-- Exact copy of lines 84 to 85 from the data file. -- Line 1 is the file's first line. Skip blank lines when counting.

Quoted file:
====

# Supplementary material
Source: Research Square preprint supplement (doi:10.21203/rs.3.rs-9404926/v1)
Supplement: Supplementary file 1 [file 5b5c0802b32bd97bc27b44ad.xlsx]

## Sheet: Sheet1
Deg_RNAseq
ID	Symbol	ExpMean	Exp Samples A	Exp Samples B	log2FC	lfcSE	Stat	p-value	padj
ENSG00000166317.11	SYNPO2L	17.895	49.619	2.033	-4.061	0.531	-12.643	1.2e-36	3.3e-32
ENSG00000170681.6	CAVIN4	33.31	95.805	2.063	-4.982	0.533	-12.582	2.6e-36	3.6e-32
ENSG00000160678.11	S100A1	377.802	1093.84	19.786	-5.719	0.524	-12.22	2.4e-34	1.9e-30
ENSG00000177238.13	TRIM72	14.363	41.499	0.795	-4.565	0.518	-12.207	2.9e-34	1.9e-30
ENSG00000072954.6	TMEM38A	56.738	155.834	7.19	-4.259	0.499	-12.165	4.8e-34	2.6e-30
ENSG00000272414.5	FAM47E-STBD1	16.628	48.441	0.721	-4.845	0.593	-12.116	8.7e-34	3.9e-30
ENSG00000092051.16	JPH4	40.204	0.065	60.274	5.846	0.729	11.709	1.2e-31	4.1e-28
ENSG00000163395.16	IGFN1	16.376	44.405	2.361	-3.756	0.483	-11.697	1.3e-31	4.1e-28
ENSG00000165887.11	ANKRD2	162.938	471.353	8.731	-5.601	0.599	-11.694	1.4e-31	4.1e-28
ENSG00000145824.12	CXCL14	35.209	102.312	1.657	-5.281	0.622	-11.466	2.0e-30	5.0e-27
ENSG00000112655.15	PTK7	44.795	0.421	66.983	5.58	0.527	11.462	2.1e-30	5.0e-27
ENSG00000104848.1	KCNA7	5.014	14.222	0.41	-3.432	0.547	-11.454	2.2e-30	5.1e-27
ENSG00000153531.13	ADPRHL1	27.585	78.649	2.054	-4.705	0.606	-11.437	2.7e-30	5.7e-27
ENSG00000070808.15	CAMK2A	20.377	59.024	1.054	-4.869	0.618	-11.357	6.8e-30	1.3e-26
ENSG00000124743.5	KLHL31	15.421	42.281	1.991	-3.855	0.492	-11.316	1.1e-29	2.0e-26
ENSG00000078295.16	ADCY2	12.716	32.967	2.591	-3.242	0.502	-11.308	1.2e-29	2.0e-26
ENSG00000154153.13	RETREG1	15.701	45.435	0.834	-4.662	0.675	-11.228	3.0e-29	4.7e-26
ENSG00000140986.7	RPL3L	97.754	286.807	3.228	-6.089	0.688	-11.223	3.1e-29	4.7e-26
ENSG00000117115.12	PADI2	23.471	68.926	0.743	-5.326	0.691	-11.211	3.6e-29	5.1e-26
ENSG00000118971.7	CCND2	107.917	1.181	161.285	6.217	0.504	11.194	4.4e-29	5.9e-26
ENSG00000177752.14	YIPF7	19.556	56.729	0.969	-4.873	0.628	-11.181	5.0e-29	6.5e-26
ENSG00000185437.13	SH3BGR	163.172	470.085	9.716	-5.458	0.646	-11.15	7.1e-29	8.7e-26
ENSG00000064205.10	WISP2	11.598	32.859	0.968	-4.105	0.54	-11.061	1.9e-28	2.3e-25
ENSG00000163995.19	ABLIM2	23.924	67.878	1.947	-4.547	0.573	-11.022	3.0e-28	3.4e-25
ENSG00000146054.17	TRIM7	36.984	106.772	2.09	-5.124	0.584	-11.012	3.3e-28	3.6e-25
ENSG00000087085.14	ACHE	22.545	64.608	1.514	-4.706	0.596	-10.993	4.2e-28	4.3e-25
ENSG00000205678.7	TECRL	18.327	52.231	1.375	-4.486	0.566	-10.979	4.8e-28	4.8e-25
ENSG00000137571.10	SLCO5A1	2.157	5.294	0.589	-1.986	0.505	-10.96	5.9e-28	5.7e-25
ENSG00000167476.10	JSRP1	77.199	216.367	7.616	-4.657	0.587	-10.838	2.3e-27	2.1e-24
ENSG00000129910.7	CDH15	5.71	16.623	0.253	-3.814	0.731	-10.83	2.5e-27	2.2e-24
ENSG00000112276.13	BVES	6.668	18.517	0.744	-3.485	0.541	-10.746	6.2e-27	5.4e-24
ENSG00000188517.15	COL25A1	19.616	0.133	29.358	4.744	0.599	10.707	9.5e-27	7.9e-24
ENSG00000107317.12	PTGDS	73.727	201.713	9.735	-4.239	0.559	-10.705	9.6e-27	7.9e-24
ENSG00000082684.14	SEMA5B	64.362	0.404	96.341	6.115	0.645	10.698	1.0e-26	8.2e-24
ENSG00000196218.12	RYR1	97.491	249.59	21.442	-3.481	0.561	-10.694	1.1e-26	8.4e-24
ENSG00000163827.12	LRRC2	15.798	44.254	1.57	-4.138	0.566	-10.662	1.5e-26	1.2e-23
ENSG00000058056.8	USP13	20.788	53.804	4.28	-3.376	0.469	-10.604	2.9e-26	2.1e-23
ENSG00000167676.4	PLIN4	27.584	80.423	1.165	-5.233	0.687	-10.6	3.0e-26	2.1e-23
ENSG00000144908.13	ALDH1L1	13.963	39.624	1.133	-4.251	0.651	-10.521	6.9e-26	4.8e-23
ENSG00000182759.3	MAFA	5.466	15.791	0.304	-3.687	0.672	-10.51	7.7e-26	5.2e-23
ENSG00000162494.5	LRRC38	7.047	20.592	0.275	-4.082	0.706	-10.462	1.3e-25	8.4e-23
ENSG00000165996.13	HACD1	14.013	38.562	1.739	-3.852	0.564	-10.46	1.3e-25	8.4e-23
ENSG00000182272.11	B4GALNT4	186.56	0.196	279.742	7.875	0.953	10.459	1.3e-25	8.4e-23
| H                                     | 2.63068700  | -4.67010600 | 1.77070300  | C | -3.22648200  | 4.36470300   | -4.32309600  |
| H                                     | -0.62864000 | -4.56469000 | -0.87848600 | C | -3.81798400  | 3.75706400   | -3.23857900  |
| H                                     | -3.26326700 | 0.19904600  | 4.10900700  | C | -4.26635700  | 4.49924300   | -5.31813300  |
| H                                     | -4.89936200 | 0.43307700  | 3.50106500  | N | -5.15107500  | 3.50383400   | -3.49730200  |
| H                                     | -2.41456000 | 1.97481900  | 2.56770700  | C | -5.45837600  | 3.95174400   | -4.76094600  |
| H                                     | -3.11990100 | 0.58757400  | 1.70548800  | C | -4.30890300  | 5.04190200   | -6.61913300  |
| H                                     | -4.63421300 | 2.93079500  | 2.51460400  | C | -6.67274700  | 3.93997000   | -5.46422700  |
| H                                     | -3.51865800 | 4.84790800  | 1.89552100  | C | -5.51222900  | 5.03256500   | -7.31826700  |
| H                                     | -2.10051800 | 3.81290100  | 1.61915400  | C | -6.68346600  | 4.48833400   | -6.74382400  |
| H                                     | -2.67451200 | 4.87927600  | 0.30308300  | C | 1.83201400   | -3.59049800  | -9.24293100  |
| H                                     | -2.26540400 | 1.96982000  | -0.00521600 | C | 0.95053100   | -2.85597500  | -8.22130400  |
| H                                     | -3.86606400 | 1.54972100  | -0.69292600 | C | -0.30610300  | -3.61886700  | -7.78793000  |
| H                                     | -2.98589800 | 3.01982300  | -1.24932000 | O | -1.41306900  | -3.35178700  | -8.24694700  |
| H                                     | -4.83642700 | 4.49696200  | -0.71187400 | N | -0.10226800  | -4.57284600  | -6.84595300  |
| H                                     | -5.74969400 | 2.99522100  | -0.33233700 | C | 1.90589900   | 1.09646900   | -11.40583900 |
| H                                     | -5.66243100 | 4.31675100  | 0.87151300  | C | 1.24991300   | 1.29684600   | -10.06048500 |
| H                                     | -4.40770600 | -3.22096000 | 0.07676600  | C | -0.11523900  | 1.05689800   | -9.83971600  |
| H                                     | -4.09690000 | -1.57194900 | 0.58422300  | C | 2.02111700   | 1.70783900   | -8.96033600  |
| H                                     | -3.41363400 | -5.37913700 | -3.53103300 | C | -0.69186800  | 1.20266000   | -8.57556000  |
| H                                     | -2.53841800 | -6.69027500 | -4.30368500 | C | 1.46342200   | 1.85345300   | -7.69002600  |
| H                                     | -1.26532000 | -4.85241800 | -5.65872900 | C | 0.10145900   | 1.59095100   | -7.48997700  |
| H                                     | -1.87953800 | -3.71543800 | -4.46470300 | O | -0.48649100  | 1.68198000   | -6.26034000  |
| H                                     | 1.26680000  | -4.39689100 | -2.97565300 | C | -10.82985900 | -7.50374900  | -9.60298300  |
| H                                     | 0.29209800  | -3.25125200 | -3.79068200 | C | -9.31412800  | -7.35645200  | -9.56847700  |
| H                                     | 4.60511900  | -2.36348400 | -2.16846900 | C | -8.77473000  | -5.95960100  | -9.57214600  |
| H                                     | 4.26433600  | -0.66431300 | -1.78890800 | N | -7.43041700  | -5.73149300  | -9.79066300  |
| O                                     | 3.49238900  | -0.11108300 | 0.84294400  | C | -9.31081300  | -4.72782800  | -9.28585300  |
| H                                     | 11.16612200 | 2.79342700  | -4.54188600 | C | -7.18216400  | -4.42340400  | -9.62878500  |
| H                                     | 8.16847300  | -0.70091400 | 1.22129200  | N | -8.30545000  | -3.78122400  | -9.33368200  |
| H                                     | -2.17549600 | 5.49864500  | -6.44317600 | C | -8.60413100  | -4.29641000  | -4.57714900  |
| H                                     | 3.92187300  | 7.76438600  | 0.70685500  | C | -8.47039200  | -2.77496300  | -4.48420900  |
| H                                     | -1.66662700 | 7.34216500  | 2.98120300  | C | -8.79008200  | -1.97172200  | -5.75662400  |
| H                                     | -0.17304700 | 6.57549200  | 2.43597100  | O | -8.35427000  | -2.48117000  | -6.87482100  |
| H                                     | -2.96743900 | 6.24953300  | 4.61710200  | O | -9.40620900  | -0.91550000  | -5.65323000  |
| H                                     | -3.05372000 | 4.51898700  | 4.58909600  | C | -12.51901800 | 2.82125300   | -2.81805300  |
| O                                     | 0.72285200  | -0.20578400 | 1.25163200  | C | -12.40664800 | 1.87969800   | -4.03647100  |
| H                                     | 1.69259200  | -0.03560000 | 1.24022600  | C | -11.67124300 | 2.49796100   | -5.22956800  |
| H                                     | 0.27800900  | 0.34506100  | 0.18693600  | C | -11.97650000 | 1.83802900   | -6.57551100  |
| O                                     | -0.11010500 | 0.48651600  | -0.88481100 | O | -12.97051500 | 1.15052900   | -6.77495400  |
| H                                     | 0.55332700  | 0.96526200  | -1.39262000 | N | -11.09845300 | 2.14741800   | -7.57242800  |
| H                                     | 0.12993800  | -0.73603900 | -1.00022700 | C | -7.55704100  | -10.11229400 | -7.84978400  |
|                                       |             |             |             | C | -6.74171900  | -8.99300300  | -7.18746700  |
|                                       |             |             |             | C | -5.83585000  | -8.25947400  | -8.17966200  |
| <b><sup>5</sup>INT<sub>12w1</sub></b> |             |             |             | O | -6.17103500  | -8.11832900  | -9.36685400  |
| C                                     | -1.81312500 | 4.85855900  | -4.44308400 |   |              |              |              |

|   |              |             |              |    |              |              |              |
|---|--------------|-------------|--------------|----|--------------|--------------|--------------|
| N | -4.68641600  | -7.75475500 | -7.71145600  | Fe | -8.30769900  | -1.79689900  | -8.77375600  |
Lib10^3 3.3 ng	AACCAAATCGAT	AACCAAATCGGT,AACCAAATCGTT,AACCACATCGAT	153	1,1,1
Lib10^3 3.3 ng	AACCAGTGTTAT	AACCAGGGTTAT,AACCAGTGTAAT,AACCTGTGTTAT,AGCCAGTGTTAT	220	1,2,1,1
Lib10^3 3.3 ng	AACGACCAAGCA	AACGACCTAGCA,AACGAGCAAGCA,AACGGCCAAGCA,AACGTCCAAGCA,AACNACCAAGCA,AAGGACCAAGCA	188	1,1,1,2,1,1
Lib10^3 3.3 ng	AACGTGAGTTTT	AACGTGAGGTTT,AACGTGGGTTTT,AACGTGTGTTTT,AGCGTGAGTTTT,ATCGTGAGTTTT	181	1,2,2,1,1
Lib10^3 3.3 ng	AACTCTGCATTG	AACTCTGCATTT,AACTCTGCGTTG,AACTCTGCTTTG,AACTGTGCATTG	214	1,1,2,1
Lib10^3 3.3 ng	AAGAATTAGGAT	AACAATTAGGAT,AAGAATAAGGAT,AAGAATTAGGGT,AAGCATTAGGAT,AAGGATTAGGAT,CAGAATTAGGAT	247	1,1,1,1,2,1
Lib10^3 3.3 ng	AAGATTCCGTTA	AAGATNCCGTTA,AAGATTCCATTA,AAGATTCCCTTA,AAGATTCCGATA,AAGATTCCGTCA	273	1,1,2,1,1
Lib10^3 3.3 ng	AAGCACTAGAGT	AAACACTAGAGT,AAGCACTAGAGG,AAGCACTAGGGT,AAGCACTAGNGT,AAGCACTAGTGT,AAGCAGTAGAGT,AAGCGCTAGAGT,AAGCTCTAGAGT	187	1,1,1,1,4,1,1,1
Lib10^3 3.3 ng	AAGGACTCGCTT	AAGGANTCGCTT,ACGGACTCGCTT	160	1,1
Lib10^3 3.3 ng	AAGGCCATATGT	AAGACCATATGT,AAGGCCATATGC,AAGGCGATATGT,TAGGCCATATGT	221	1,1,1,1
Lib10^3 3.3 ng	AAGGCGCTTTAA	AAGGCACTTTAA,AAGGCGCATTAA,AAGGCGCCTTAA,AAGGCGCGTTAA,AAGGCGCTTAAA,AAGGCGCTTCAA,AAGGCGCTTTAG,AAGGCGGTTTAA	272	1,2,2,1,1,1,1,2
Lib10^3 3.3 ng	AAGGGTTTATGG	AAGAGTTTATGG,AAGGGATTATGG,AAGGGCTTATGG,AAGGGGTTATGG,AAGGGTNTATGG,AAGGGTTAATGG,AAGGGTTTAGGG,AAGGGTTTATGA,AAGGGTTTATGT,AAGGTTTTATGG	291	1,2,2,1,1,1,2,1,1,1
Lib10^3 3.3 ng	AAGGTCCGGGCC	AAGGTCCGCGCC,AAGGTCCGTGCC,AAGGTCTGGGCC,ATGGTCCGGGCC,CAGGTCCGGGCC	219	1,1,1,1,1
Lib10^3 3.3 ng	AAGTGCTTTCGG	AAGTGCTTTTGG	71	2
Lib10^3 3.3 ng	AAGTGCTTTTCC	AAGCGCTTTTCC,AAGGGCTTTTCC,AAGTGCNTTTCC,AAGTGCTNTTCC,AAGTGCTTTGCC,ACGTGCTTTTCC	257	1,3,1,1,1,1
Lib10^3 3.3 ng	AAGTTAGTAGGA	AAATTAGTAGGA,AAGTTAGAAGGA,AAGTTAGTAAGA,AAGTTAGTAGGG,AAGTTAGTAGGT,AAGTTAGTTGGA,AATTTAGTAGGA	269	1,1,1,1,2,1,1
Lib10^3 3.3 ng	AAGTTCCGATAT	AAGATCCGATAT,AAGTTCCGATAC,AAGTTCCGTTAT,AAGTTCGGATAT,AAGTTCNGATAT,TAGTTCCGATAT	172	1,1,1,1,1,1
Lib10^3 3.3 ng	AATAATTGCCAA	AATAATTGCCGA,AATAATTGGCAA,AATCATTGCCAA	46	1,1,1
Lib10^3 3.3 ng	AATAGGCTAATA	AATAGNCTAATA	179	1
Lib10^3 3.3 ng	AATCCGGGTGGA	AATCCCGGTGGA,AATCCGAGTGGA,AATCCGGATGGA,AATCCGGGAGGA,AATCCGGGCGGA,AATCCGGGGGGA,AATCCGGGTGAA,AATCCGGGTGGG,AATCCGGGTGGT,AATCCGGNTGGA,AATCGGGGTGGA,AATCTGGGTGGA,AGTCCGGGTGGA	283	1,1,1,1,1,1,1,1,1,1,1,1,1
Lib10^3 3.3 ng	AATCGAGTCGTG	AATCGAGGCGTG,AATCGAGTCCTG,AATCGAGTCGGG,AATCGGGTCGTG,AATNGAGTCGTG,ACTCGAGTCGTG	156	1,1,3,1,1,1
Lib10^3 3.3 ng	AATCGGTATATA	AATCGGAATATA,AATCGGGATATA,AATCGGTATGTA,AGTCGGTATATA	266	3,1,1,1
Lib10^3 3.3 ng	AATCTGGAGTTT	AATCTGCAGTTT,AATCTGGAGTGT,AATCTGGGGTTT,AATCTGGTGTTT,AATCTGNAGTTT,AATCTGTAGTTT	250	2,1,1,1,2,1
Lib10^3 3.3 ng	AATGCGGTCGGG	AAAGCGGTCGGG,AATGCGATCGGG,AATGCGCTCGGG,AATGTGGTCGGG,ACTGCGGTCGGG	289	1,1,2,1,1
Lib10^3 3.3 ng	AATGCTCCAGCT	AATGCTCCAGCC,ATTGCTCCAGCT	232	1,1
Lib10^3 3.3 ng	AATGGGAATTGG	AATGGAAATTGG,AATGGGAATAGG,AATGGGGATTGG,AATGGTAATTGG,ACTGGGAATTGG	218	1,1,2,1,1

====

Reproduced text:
| H                                     | -3.05372000 | 4.51898700  | 4.58909600  | C | -12.51901800 | 2.82125300   | -2.81805300  |
| O                                     | 0.72285200  | -0.20578400 | 1.25163200  | C | -12.40664800 | 1.87969800   | -4.03647100  |